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Source: Nextvoyage

June has come and gone. Meaning we now find ourselves in full winter mode; we have officially passed the halfway mark in culminating this year, and all things youth will be shelved to only be spoken of the following year when it is convenient to do so.

But as young people have shown us in the past and recent memory, revolutions are neither polite nor convenient, writes Madelain Roscher, CEO of Status Reputation Management Consultancy.

Borrowing from the spirit of the 1976’s youth, South Africa’s contemporary young people have achieved various milestones of their own. The #FeesMustFall movements come to mind as one such example. These movements highlight how much collective power young people possess.

But even collective effort without the necessary support is unlikely to wield optimistic results. Young people have the vision and energy to lead this country in all spheres of governance, corporate and social policy. But industry captains and seasoned political leaders must be willing to offer opportunities to young people for them to lead.

Political parties, including government, must have clear succession plans, which allow for young people to be groomed to enter the political sphere. There are 490 members of parliament, excluding the 70 ministers and deputies, but only 23 of those count as young (under 35 years).

If we wish to drive change in the lives of young people and the country, then politics cannot continue to be an old boys’ club. In a democracy, politics and the government should comprise people who represent the country’s demographics, young and old.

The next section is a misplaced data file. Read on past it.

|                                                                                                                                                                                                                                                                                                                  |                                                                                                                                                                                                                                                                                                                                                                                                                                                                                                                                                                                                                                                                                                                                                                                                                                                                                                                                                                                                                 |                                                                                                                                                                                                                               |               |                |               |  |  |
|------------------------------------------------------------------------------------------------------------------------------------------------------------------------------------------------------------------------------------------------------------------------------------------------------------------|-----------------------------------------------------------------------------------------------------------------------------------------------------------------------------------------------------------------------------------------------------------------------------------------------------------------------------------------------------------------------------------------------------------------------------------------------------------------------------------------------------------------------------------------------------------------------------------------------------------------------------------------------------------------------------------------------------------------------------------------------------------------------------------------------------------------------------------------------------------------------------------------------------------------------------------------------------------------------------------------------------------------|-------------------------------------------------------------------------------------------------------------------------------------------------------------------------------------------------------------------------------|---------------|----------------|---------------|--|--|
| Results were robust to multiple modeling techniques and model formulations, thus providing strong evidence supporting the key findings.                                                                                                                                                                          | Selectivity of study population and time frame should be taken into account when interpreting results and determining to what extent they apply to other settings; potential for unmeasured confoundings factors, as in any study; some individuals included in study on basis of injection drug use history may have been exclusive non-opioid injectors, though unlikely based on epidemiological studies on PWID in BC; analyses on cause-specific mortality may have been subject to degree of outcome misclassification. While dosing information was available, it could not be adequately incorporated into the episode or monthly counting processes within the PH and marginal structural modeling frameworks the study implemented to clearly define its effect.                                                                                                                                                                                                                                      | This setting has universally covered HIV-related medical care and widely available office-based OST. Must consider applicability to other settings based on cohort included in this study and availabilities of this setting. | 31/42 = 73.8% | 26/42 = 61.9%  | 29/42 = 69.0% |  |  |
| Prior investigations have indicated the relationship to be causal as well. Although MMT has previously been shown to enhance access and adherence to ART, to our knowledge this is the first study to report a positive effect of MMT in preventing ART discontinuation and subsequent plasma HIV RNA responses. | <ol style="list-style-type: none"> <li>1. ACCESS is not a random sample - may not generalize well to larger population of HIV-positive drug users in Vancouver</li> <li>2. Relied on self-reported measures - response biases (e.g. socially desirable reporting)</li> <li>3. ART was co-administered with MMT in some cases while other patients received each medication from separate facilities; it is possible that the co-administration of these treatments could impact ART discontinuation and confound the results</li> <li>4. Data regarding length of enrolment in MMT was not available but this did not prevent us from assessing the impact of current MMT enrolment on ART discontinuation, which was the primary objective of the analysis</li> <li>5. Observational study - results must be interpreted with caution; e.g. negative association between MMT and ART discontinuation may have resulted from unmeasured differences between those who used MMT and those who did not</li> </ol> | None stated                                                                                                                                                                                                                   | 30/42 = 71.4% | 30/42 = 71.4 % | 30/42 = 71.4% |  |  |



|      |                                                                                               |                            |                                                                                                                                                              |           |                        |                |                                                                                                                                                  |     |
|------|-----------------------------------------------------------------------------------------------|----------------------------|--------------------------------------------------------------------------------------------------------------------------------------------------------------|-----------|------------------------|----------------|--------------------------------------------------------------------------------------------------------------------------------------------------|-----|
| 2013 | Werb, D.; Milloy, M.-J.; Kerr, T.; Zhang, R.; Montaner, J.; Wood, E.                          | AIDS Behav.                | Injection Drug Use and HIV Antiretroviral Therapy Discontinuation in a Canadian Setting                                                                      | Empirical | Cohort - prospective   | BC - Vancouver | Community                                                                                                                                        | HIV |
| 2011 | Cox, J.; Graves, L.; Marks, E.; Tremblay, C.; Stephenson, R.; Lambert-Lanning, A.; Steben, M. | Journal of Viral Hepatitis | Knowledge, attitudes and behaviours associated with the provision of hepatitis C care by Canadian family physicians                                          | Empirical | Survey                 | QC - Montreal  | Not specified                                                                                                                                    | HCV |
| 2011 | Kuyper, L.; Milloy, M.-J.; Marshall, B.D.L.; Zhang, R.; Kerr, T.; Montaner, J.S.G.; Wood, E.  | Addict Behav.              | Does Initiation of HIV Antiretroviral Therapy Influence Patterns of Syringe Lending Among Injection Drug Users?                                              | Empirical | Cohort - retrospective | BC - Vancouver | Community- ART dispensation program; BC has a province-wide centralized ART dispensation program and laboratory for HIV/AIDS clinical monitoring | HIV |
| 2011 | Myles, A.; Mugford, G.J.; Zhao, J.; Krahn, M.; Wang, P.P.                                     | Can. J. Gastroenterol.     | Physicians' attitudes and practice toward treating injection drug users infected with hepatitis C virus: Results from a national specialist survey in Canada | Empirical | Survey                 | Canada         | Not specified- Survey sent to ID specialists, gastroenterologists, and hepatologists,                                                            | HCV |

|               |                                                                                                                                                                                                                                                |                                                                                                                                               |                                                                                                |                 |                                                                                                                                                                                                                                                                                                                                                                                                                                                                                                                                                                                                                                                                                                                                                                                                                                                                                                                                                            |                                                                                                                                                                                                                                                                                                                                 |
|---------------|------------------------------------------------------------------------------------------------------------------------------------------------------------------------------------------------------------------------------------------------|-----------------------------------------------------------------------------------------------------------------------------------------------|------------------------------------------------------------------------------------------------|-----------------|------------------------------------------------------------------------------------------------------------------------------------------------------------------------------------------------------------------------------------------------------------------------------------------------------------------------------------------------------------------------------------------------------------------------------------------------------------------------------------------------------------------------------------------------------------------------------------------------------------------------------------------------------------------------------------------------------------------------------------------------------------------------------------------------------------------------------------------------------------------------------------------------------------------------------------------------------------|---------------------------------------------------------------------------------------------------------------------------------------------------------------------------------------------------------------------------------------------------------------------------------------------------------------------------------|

Given the violence and abuse that young women and children are currently facing at the hands of a patriarchal system as well as HIV and the high levels of youth unemployment, civil society should be advocating for a government department that is managed by the youth with the sole mandate of uplifting the younger generation.

Giving young people the platform to participate in the national dialogue and nation building means they can come up with tangible solutions to the various socio-economic woes this nation and the world at large face.

But we cannot place the progression of a whole generation solely on the government. Private corporations and citizens, including the youth, need to do more to ensure they have the relevant skills and resources to succeed.

A starting point is education. While we may have attained free education, it will only work if young people are afforded good quality basic education. There is a discord between what is taught at the basic education level and what institutions of higher learning offer.

Curriculums at all levels need to reflect the demographics and needs of the country. In other words, students need to be able to relate to what they are being taught and apply that knowledge in the real world, thus making them employable.

In the field of public relations, marketing and communications, invigorating social media campaigns coupled with relevant and relatable content is the order of the day, and no one understands this better than young people. This is evidenced by the large numbers of young PR professionals in the industry.

Young people have immense potential and a knack for embracing new technology-driven methods. They see disruptive innovations as opportunities and not hurdles. Because PR is about destabilising what is considered normal, young people not only thrive in such an industry but shape the very course in which it moves.

All industries need to try to hire more young people. The economy and corporations can gain immensely from hiring the youth.

As a nation, we have made enormous progress but more can always be done. If we are to move the nation and its youth forward, it requires that everyone – government, corporates and citizens – acknowledge that they have an active role to play in the process.

Importantly, industry captains should be cognizant of the role young people have played in attaining certain liberties and be willing to provide a platform for them to continue being innovative solution providers, especially in the wake of a digital revolution.